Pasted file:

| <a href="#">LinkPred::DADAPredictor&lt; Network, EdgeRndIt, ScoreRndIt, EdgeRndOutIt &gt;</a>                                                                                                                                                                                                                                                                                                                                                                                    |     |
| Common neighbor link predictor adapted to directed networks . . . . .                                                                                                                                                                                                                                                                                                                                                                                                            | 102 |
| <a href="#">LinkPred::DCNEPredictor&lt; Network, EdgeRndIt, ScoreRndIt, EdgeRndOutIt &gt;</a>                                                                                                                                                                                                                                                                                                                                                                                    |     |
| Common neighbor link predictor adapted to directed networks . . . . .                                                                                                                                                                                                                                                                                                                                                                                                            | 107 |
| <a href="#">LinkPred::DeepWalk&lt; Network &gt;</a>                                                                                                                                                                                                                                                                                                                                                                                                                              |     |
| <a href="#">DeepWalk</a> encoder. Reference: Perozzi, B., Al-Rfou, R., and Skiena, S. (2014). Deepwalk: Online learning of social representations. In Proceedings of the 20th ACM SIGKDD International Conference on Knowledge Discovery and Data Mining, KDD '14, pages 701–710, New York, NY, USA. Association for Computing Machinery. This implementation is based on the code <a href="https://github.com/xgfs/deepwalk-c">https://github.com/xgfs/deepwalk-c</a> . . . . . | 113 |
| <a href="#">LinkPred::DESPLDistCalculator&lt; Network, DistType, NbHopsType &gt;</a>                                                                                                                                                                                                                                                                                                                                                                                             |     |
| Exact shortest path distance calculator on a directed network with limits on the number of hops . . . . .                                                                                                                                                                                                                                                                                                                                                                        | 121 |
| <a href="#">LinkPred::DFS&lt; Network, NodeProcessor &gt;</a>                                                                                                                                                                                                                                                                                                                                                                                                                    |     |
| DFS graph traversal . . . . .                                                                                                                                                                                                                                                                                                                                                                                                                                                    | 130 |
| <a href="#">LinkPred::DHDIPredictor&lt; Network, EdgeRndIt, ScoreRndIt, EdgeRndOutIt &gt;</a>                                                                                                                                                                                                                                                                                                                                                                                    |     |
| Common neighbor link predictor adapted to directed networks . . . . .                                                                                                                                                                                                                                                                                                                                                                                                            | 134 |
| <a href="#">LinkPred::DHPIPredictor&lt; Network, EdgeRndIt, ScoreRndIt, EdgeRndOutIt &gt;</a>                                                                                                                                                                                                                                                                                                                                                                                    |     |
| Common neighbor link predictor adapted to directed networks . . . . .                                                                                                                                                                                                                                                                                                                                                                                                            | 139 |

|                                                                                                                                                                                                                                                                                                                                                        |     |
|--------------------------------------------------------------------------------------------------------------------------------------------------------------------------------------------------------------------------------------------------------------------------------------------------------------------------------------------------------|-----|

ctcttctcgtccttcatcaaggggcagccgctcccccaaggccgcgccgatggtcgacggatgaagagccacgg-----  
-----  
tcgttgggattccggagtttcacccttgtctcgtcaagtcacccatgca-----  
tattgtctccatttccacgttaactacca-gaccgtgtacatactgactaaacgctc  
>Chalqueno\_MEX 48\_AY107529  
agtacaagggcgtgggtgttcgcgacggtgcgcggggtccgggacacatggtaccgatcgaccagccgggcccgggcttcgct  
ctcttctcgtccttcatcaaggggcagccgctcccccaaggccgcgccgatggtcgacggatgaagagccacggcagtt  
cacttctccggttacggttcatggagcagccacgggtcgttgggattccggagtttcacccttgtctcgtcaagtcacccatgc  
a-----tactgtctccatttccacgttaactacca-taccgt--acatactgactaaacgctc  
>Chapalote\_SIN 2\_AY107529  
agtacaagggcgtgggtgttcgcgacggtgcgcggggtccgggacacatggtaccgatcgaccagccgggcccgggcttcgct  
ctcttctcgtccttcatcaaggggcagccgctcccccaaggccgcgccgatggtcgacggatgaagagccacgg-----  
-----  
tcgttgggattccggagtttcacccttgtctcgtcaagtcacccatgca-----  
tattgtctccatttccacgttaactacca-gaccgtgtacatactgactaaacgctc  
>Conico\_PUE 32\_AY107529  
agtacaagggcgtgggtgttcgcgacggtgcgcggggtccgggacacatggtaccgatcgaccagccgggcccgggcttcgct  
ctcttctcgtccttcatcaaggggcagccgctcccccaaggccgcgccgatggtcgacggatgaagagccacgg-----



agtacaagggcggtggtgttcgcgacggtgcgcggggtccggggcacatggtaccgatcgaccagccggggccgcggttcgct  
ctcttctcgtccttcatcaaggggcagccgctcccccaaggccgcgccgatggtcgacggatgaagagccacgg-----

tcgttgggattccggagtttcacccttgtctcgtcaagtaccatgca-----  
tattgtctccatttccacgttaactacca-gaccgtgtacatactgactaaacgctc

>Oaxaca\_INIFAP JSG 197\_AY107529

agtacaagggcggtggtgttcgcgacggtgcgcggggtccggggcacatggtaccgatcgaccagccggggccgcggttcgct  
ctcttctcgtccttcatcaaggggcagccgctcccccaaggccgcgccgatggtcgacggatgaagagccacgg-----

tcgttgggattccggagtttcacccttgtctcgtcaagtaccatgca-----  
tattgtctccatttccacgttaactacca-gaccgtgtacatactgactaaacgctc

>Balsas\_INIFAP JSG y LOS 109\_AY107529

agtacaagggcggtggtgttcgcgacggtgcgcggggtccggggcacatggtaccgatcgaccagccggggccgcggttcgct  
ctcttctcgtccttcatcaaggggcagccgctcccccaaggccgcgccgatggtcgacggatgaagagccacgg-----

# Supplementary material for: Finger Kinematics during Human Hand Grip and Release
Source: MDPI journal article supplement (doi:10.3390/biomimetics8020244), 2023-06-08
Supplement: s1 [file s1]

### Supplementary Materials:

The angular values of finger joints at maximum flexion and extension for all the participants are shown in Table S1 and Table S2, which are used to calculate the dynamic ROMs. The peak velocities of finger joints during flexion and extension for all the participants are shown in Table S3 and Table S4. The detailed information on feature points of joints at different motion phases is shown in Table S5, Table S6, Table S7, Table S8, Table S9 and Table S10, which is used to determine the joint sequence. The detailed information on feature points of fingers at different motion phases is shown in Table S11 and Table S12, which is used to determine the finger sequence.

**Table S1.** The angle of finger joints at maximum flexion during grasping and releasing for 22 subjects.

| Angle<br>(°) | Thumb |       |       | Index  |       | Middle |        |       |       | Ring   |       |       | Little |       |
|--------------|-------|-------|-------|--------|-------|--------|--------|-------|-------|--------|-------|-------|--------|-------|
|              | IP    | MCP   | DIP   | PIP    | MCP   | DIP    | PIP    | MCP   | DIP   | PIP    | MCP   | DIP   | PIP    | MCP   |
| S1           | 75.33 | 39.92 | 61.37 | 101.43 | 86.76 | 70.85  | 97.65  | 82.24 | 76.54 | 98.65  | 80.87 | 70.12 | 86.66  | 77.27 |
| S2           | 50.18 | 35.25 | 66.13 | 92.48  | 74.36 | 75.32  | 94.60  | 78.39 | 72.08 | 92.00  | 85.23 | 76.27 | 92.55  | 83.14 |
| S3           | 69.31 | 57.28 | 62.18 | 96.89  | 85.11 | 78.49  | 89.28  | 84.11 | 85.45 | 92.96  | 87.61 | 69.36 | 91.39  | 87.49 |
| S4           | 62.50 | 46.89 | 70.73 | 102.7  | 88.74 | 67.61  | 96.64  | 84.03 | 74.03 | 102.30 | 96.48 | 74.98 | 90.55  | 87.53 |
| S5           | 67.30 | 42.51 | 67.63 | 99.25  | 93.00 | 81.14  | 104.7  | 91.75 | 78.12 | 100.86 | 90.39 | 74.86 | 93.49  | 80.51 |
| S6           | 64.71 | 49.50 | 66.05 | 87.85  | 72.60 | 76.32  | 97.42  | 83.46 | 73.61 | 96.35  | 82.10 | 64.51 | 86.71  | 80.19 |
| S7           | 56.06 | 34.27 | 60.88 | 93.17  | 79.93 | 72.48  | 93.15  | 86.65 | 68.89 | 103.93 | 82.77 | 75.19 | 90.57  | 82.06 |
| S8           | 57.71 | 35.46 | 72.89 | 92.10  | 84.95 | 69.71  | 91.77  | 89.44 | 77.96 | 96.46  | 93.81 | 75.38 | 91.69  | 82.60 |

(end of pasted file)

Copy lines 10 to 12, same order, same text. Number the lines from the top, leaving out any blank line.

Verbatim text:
| DFS graph traversal . . . . .                                                                                                                                                                                                                                                                                                                                                                                                                                                    | 130 |
| <a href="#">LinkPred::DHDIPredictor&lt; Network, EdgeRndIt, ScoreRndIt, EdgeRndOutIt &gt;</a>                                                                                                                                                                                                                                                                                                                                                                                    |     |
| Common neighbor link predictor adapted to directed networks . . . . .                                                                                                                                                                                                                                                                                                                                                                                                            | 134 |